© Image by John Hedgecoe

John Betjeman

(1906 - 1984)

"Now if the harvest is over / And the world cold / Give me the bonus of laughter / As I lose hold." - 'A Nip in the Air', John Betjeman

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Recordings

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Extras

  • BBC Poetry Season
    In an interview from 1961, John Betjeman talks to the Beat poet Royston Ellis about the inspiration for A Subaltern's Love Song, writing for a living and his love of the female form.
  • John Betjeman Young People's Poetry Competition
    Each child is invited to send in (by post or online) one poem on the theme of 'place'. Winners of the poetry competition are invited to read their poems aloud at a prize giving held in October on the concourse of St Pancras station, next to the bronze statue of John Betjeman The first prize is £1000. The competition closes on 31st July.
  • Church Going with Betjeman and Larkin
    Philip Larkin and John Betjeman visit a cemetery in Hull, where they discuss the shadow of approaching death, the concept of which, for Larkin in particular, underlies most of his work.
  • Down Cemetery Road with Philip Larkin and John Betjeman part 1
    Philip Larkin talks to John Betjeman in 1964 about his life, his poetry and the city of Hull, where he lived and worked as university librarian. With readings from his work, the poet explores the life of a rapidly modernising Hull.
  • Down Cemetery Road with Philip Larkin and John Betjeman part 2
    Philip Larkin talks to John Betjeman in 1964 about his life, his poetry and the city of Hull where he lived and worked as university librarian. Larkin's 'welfare sub-poetry' is almost cynical in its observations of daily life – without a hint of melodrama or romanticism, Larkin freely admits to his misery and his consciousness of approaching death.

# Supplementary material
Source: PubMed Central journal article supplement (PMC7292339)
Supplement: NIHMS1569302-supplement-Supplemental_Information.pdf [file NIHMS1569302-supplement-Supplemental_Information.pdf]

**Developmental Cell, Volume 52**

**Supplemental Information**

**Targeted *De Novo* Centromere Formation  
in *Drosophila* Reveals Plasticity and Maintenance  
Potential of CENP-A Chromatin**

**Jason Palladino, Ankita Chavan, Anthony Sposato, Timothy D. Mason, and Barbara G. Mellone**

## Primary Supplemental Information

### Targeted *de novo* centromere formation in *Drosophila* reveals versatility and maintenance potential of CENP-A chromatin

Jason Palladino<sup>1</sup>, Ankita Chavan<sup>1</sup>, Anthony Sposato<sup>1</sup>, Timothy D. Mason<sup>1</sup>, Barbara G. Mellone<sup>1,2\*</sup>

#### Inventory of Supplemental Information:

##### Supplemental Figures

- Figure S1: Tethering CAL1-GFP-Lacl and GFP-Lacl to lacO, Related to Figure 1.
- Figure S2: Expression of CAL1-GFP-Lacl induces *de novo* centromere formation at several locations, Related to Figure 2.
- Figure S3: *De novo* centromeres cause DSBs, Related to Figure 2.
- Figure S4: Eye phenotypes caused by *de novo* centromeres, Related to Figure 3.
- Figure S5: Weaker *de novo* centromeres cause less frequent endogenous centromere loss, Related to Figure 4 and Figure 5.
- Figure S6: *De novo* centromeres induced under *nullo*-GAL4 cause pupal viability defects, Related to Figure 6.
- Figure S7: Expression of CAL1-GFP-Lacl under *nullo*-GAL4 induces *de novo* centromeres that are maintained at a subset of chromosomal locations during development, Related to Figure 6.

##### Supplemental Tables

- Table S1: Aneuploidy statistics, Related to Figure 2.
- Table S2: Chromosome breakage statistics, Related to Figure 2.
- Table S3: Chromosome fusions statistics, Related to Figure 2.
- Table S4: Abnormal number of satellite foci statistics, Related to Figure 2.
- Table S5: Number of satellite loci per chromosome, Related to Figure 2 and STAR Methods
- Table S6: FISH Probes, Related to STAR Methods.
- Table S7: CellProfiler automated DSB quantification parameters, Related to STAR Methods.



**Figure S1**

• Down Cemetery Road with Philip Larkin and John Betjeman part 3
    Philip Larkin talks to John Betjeman in 1964 about his life, his poetry and the city of Hull where he lived and worked as university librarian. Larkin explains why he enjoys living a life of solitude in Hull.

Select bibliography

  • Early Poems 1986
  • Collected Poems, London, John Murray, 2006
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  • The Best of Betjeman, John Murray, 2006
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  • Sweet Songs of Zion Scripts of BBC Radio Talks. Hodder & Stoughton 2007
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  • Summoned by Bells Betjeman's verse autobiography. John Murray, 2007
John Betjeman (1906-1984) achieved huge success during his lifetime and continues to retain his 'National Treasure' status more than twenty years after his death. His gift for comic writing, his dazzling technical abilities and his combination of eccentricity and Englishness are all key ingredients in his enduring popularity. He was the son of a manufacturer of luxurious household goods, a background that provided him with a comfortable childhood but also left him socially insecure, conscious of his family's status as 'trade' in an era of more rigid social class distinctions. Sensitive and bullied at school, Betjeman only came into his own at Oxford where he threw himself into a party-going lifestyle. He perhaps enjoyed himself too much and was sent down for failing his exams. However, Oxford contacts helped him secure a post on The Architectural Review which he left in 1933 to become a freelance journalist. During the war he worked for various government departments and then continued to make his living from journalism and broadcasting.

Betjeman's wide appeal and his conservatism in form and theme have tended to obscure his achievements as a serious poet, but he was rated highly by his contemporaries and no less a figure than W. H. Auden edited a choice of Betjeman's verse in 1947. Some of his best qualities are presented in these two recordings: 'Youth and Age on Beaulieu River' demonstrates Betjeman's brilliance at describing human figures in a landscape and deals with one of his abiding preoccupations, mortality, whilst 'A Subaltern's Love Song' is Betjeman at his rollicking best, amorous and satirical as he pokes fun at himself and the upper middle class world he was from whilst celebrating its straightforward pleasures. A virtuoso performer with a keen sense of how to project an image, this recording captures him at his best, effortlessly charming his audience with his bravura renditions.

This recording was made on 1 December 1967 at the Poetry Society in association with the Talking Tape Co. and first appeared as 'Sir John Betjeman Reading a Selection of His Own Poems'.

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